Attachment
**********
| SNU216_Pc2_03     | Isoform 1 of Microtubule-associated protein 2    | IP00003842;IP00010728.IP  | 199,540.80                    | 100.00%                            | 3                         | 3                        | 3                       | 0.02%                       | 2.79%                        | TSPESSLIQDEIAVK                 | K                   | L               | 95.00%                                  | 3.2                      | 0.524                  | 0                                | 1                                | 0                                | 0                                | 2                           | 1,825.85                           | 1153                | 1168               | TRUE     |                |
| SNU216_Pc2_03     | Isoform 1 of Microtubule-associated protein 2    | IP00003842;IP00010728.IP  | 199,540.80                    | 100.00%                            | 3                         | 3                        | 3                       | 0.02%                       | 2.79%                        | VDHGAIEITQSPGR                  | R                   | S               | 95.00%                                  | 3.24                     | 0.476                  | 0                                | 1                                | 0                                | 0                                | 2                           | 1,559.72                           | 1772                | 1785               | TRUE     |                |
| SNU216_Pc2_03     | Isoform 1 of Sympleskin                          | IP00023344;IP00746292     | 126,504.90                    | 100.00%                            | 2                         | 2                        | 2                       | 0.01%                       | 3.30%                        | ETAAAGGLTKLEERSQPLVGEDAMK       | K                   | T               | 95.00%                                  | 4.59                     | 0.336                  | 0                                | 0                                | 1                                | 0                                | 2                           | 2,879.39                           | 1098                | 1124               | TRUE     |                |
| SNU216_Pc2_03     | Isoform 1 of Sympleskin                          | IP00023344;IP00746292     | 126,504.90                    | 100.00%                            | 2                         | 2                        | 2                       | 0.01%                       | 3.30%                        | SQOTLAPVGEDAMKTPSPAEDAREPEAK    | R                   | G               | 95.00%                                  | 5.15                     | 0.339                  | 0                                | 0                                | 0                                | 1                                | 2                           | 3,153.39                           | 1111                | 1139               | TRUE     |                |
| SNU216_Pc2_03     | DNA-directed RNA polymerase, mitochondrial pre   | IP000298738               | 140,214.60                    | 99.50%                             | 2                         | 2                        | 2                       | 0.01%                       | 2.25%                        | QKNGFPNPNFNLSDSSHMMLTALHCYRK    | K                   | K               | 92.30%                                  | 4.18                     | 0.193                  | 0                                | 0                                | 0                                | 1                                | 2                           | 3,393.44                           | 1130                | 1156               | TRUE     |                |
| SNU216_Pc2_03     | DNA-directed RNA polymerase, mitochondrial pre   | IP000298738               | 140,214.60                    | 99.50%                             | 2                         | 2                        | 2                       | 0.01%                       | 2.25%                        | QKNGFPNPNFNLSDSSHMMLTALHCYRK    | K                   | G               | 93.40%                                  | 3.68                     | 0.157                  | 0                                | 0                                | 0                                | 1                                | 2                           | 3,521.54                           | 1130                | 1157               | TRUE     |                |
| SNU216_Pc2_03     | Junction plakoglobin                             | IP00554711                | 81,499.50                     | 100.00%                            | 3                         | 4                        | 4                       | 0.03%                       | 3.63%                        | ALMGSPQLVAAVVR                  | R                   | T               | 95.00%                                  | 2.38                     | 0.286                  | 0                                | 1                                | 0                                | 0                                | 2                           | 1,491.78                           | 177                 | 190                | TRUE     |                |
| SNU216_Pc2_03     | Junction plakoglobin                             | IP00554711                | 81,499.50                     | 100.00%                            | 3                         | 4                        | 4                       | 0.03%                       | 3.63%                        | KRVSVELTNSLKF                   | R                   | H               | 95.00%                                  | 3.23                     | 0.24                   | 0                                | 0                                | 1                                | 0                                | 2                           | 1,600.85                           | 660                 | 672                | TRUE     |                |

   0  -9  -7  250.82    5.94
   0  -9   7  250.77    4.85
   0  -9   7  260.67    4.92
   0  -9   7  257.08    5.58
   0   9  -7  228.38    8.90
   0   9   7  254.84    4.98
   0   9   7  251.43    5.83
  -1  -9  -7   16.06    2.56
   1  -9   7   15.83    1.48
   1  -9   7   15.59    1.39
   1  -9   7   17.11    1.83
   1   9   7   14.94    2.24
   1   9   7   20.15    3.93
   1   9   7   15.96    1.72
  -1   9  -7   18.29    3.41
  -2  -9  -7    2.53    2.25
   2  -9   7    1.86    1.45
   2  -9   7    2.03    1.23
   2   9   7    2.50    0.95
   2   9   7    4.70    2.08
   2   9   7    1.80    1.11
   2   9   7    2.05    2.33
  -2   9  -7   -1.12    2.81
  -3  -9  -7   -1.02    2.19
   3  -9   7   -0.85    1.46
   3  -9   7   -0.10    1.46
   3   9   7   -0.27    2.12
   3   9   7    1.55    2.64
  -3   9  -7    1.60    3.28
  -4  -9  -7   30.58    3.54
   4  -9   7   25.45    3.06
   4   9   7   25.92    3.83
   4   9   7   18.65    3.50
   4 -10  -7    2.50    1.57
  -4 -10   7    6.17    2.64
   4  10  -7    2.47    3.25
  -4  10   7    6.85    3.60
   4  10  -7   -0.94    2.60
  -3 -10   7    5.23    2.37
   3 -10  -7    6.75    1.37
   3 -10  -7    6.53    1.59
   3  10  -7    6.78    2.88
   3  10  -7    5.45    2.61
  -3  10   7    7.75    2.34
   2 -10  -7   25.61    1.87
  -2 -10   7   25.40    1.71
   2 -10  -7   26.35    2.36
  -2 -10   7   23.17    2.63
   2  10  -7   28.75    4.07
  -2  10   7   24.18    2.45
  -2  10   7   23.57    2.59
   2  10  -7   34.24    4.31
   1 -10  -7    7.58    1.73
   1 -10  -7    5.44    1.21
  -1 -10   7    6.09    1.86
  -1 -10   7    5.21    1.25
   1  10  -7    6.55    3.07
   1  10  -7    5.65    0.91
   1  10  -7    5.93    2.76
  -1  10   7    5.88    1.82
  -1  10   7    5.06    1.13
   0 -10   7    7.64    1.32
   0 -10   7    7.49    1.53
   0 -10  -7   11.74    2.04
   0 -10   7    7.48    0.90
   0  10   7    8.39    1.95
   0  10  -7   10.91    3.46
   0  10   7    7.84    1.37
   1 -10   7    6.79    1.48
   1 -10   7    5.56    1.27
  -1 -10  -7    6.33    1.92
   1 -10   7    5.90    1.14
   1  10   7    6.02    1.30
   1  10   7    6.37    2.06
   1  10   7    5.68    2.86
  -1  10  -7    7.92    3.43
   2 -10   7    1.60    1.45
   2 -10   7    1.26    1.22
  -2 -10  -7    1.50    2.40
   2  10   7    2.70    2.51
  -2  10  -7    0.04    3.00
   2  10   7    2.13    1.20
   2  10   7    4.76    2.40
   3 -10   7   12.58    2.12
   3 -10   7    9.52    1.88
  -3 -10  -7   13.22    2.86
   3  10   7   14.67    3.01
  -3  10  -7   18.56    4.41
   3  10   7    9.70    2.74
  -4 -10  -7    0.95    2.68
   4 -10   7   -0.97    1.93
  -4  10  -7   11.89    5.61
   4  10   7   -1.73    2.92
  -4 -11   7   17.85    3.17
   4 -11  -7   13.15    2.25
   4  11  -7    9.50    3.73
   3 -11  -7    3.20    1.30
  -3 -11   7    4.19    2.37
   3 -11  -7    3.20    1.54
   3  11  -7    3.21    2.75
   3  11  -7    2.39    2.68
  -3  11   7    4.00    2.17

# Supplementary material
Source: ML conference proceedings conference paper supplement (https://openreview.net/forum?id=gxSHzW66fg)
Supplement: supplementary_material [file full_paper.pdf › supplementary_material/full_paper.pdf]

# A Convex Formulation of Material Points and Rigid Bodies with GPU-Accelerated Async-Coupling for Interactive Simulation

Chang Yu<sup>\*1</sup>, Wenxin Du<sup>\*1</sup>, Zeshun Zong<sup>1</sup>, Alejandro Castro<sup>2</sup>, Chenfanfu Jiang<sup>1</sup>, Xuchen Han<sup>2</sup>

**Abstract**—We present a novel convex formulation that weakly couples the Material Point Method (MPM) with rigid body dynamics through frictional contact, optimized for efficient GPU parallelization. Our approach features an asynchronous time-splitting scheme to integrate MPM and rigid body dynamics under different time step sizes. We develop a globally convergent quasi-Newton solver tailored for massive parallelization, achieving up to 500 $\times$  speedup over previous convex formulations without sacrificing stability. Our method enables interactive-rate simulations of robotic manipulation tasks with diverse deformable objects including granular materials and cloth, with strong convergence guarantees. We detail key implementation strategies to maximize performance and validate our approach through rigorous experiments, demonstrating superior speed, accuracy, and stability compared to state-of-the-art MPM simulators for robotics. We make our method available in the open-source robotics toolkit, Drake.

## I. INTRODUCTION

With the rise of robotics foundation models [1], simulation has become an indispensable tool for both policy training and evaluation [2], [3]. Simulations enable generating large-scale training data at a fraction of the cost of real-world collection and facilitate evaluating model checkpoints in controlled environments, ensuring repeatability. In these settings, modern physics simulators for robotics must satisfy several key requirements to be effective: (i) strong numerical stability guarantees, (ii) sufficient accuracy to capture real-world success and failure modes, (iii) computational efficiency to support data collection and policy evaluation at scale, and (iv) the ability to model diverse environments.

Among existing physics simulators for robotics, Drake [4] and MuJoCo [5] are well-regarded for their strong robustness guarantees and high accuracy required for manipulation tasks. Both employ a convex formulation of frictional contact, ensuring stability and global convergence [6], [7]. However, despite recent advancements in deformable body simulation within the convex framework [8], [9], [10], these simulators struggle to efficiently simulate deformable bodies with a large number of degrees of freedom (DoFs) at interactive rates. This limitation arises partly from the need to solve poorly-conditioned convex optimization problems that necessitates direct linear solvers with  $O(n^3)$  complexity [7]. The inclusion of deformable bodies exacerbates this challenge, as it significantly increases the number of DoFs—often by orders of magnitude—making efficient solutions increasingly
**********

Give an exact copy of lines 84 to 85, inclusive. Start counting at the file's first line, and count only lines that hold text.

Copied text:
  -1  10  -7    7.92    3.43
   2 -10   7    1.60    1.45